Sunday, August 29, 2010

Color Calibration of Satellite Cameras

For those of you who do not know me, my name is Paul Matheson. I work with Nathan and Giordano at HP Labs. My background is in commercial print and I consider myself to be a printer. Hopefully I will be able to add something of value to this hallowed blog - if not, I am sure Nathan and Giordano will make me pay for several rounds at the Nuthouse so at least they'll get something of value out of me.
Several days ago I stumbled across this article explaining how satellite cameras are calibrated. It reminded me of Nathan's post about a revolutionary white reflectance standard for metrology - curiously enough, the post was entitled "Revolutionary White Reflectance Standard for Metrology." The original blog post is gone but I was able to find a couple of links to the blog, one of which included some of the text.
Unlike Nathan's post, Lake Tuz really is used for calibration. I knew that many satellites have cameras, but it never occurred to me that they would need calibrating or that image sensors in orbit degrade significantly. The thing that I enjoy most about this article is the fact that some smart person(s) figured out how to use unique geographic features as reflectance standards.
Science is cool.

Image of Lake Tuz from the Image Science and Analysis Laboratory, NASA-Johnson Space Center. "The Gateway to Astronaut Photography of Earth."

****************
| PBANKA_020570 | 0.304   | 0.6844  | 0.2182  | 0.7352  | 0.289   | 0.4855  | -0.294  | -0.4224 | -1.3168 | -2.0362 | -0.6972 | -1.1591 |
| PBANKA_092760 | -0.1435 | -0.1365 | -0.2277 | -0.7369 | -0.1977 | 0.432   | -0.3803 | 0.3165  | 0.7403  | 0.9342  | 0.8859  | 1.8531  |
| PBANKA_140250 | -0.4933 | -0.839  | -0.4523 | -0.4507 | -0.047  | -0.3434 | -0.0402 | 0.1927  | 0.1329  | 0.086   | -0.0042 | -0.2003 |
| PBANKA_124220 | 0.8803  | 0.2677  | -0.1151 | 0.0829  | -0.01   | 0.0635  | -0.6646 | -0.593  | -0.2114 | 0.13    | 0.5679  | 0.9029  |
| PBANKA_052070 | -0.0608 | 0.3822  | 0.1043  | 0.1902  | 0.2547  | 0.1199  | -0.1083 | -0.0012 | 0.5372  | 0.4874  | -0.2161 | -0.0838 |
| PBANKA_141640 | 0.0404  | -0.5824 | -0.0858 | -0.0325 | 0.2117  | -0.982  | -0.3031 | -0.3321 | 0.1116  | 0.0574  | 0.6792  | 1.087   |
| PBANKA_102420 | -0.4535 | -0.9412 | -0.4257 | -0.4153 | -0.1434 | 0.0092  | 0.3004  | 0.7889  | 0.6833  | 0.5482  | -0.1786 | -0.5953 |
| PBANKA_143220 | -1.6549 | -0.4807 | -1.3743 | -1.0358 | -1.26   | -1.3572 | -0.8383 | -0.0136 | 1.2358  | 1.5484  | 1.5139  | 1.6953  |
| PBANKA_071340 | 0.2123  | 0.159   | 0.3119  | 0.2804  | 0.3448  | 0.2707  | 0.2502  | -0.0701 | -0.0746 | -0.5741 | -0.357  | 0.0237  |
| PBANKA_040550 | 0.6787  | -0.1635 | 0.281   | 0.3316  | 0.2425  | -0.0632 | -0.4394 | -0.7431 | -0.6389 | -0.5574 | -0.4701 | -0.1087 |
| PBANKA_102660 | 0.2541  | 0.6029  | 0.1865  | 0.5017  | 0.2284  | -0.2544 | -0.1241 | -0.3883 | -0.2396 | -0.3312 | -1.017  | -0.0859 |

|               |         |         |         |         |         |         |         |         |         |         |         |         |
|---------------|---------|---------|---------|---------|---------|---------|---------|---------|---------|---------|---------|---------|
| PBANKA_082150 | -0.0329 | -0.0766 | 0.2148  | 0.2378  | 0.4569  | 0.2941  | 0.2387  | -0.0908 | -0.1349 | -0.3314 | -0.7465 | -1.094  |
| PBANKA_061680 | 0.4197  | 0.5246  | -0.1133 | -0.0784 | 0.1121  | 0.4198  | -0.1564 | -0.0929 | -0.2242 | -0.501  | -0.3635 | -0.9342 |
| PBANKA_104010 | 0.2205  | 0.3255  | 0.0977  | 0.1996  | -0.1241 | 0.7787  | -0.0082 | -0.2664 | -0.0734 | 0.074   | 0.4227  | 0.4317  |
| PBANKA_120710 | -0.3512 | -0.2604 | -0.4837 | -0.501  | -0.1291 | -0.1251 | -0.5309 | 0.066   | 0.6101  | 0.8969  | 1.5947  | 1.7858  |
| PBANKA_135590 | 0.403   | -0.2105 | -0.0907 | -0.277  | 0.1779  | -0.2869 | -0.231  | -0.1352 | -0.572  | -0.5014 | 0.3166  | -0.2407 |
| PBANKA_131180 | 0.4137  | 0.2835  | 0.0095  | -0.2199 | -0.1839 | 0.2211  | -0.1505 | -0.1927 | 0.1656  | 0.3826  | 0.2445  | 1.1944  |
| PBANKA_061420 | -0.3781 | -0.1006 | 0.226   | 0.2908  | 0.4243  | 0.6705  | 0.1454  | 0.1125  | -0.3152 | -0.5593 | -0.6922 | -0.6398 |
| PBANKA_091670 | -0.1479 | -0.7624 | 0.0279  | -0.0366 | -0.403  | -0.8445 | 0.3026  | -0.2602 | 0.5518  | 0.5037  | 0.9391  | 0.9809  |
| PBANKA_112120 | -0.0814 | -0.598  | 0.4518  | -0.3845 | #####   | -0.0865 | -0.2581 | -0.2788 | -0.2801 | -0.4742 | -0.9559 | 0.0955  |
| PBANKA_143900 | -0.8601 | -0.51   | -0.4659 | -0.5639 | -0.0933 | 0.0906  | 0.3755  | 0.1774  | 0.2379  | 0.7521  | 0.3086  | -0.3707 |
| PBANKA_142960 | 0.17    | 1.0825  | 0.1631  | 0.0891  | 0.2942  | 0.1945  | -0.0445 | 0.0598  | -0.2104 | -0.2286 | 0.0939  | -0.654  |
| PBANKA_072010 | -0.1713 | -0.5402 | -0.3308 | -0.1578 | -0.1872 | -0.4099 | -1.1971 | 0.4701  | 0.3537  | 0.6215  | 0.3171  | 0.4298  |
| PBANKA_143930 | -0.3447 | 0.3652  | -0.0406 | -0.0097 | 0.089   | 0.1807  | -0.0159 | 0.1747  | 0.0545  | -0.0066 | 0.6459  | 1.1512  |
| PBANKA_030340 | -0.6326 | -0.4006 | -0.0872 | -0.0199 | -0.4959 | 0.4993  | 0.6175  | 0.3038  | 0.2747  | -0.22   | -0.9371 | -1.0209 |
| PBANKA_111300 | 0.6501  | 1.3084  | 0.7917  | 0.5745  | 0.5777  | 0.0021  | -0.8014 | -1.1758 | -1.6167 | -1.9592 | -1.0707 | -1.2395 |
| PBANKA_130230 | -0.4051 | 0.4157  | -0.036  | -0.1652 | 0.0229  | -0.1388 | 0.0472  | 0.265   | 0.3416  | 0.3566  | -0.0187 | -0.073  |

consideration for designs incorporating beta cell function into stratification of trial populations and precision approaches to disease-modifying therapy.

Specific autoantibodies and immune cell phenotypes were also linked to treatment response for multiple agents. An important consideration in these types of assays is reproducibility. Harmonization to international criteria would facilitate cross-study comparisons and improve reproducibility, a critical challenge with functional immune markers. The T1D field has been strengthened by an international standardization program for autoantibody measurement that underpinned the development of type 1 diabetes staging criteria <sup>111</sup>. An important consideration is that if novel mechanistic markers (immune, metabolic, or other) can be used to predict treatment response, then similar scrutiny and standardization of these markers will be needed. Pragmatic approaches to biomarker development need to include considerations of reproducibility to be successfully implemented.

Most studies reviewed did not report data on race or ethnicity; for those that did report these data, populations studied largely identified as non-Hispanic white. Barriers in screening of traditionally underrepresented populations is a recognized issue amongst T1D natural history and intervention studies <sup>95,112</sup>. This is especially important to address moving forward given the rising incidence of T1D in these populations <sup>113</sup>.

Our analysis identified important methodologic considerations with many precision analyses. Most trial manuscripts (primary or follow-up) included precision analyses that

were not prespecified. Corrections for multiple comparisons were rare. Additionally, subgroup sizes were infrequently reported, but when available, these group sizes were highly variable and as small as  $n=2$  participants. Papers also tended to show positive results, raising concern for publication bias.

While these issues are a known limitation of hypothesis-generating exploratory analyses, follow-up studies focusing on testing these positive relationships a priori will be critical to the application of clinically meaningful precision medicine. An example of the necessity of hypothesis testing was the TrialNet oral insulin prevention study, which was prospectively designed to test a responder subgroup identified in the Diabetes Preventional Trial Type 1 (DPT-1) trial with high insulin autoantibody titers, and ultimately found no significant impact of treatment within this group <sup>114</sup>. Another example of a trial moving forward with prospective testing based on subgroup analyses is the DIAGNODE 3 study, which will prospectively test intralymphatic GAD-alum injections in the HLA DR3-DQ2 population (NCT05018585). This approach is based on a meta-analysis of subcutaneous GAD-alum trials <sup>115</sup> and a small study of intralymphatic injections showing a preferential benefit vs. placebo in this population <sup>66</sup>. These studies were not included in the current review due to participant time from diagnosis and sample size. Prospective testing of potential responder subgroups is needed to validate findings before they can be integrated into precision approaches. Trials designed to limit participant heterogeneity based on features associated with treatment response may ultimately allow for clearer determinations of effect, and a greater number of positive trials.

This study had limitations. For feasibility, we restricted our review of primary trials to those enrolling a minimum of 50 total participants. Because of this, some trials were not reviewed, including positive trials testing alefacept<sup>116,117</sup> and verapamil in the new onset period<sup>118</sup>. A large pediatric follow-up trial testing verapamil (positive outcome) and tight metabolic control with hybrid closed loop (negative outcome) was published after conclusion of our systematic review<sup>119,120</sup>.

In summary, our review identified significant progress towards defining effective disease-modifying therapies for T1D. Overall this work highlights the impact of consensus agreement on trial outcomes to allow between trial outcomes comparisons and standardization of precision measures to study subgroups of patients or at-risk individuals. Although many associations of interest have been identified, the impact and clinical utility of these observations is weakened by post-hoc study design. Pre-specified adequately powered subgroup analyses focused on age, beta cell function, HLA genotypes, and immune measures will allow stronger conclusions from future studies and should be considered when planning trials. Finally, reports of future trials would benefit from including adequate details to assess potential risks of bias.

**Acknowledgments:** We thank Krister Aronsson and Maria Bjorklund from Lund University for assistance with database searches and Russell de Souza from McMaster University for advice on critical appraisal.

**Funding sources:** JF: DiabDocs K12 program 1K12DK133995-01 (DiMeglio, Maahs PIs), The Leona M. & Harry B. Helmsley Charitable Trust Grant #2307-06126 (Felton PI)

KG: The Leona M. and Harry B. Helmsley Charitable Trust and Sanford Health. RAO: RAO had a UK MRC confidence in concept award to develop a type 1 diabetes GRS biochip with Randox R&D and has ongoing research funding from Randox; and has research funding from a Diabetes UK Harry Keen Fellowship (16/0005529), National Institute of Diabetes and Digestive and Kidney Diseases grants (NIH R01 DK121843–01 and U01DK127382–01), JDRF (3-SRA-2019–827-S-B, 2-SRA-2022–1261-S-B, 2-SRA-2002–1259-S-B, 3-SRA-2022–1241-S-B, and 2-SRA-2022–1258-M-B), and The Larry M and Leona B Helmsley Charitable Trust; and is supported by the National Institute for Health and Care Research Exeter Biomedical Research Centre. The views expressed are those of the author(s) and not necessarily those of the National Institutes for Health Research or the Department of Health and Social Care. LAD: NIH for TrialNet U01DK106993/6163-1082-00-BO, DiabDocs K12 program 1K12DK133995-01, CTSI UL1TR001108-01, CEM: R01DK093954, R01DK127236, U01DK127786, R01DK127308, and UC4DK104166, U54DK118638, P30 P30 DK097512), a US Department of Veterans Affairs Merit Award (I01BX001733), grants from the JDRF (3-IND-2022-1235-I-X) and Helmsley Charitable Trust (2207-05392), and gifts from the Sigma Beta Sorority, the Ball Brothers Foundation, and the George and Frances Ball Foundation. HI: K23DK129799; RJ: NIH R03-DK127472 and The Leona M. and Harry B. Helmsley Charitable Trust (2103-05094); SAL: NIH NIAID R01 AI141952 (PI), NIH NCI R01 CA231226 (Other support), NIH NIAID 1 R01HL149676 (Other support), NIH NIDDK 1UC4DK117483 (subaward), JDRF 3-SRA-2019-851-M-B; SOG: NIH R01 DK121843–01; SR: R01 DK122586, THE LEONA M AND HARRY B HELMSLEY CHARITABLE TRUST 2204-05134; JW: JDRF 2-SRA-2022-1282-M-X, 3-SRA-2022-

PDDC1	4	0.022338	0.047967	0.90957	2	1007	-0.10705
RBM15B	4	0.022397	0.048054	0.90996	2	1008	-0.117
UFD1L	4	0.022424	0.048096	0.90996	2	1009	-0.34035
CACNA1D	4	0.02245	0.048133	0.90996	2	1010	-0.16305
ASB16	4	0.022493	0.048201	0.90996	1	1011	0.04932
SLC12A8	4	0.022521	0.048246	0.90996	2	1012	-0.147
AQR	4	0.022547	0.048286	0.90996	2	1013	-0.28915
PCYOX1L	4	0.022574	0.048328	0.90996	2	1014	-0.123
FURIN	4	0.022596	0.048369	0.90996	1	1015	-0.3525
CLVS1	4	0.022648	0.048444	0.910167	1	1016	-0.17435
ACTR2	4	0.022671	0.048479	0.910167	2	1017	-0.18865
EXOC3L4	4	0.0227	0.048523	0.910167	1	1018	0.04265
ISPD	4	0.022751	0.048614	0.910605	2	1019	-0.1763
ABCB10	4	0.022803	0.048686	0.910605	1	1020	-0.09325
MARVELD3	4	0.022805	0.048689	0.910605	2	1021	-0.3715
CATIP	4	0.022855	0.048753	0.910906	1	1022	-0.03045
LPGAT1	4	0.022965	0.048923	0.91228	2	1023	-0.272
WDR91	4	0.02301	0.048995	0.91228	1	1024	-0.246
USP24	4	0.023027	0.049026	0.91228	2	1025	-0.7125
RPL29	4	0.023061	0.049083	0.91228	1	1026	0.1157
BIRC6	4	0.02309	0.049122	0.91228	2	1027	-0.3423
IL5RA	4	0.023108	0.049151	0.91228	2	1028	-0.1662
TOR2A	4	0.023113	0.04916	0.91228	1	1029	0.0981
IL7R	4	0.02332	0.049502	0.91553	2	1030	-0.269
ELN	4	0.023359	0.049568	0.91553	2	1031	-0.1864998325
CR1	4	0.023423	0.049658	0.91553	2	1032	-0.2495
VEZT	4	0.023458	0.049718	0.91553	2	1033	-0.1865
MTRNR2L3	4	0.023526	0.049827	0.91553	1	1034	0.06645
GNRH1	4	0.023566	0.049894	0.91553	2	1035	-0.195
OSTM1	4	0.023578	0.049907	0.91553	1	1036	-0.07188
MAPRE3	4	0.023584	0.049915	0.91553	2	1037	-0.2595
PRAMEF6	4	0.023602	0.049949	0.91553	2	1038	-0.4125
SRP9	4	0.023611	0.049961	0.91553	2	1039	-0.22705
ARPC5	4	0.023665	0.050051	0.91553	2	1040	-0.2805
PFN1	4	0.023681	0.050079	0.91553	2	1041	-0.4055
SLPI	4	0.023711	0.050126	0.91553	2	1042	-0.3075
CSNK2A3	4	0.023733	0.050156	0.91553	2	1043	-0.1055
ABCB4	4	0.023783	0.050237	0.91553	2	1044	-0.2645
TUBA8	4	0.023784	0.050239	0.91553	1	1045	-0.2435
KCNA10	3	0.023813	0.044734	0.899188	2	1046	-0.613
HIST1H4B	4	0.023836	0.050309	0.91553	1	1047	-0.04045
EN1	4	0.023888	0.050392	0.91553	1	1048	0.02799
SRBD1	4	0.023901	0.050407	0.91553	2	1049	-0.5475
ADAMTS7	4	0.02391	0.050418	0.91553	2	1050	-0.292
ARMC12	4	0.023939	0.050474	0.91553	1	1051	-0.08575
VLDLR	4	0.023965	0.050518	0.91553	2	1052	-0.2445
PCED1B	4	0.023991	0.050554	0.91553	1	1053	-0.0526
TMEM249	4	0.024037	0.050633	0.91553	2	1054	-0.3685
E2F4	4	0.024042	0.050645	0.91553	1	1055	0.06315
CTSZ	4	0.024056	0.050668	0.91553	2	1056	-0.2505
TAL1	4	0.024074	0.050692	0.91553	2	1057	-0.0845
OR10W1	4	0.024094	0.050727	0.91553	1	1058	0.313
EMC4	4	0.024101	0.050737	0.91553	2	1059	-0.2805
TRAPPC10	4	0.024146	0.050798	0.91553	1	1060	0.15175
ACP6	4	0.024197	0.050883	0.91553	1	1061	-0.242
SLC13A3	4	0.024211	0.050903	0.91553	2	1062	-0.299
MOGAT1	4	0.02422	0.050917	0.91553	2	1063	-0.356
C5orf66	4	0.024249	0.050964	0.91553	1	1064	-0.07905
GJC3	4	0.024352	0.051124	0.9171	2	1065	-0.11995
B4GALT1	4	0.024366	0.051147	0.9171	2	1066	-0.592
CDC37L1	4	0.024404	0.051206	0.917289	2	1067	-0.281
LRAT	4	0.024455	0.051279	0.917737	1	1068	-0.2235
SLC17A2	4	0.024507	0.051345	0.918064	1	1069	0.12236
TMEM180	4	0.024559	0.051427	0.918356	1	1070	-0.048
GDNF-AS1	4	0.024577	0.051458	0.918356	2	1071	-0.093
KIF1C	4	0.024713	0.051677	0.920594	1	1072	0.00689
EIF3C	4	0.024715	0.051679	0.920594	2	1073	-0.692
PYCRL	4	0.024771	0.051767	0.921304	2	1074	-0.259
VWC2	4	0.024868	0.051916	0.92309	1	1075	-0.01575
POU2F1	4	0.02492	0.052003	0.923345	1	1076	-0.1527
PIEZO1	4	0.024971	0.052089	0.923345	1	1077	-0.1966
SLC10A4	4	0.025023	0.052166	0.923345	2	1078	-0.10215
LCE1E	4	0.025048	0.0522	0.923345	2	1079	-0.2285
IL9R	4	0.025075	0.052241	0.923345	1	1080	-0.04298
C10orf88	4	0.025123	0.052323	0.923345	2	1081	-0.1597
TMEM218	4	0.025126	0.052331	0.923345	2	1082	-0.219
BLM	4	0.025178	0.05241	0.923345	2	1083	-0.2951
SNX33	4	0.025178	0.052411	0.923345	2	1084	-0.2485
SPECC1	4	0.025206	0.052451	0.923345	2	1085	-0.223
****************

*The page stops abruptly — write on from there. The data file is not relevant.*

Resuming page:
Friday, August 27, 2010

Is teamwork good or bad?

Actually, in today's issue the Science magazine editors phrased it differently:
"Two Heads Are Better Than One," but then you have to watch for the caveat. They summarize the research conducted in London and Aarhus as follows: "When two people peer into the distance and try to figure out if a faint number is a three or an eight, classical signal detection theory states that the joint decision can only be as good as that of the person with higher visual acuity. Bahrami et al. propose that a discussion not only of what each person perceives but also of the degree of confidence in those assignments can improve the overall sensitivity of the decision. Using a traditional contrast-detection task, they showed that, when the individuals did not differ too much in their powers of visual discrimination, collective decision-making significantly improved sensitivity. The model offered here formalizes debates held since the Enlightenment about whether collective thinking can outperform that of elite individuals."